By Violet Law
BAODING, China — Chairman Mao had a dream. And now, nearly 60 years after he first outlined it for the Chinese people, the dream is becoming a part of the landscape. Mao’s dream was to make water plentiful in Beijing, the teeming, thirsty capital, and the rest of the dry North China Plain. China could achieve that, the chairman said, by pumping water from the wet southern regions of the country where the monsoon washed the land and floods regularly tormented the people. But the water in the south was nearly 2,000 miles away. A network of canals and pipelines would have to be built and it would cost a fortune.
Now something is happening. The first segment of Chairman Mao’s dream project was completed just before world attention focused on China last August, as it hosted the 2008 Olympic Games. It was a 190-mile stretch of pipes and canals linking Beijing with a huge reservoir and running through this small farm town, at the midway point, 90 miles south of the capital. Eventually, three sets of pipelines and canals are expected to traverse at least half-a-dozen provinces and cost an estimated $60 billion, double the cost of the Three Gorges Dam, previously China’s most expensive water project and still under construction. The 190-mile section is just the start of what is to come. And it is not everyone’s dream come true.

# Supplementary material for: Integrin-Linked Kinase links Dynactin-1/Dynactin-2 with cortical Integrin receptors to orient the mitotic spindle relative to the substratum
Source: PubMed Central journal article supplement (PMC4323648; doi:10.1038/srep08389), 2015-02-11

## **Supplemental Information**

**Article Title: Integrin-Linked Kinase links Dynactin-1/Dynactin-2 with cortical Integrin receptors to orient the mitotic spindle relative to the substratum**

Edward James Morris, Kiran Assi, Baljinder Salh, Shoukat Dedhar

For some, the pipeline is another chapter in a tale of inequity over water and its bountiful benefits that has been evolving in China for centuries. More than most other countries, huge, sprawling China, now with more than 1.3 billion people and surging economic growth, has struggled to find a balance between the needs of Beijing and other cities that give it its industrial might and the vast wheat and soy fields and rice paddies that feed its people. The pipeline project gives priority to the cities in the north. It is designed to take water from reservoirs supplied by rivers which, in turn, rely on rainfall. Government officials say that over the long run the pipeline will not create a competition between the cities and the nation’s farmers for the same water. The farmers, they say, rely on water from aquifers or underground lakes. They drill wells into the aquifers and pump out water for their crops. The water going to Beijing is to come from reservoirs. But that is the dream for tomorrow. The story today is precisely that farmers and their crops are suffering to provide the security of abundant water for Beijing.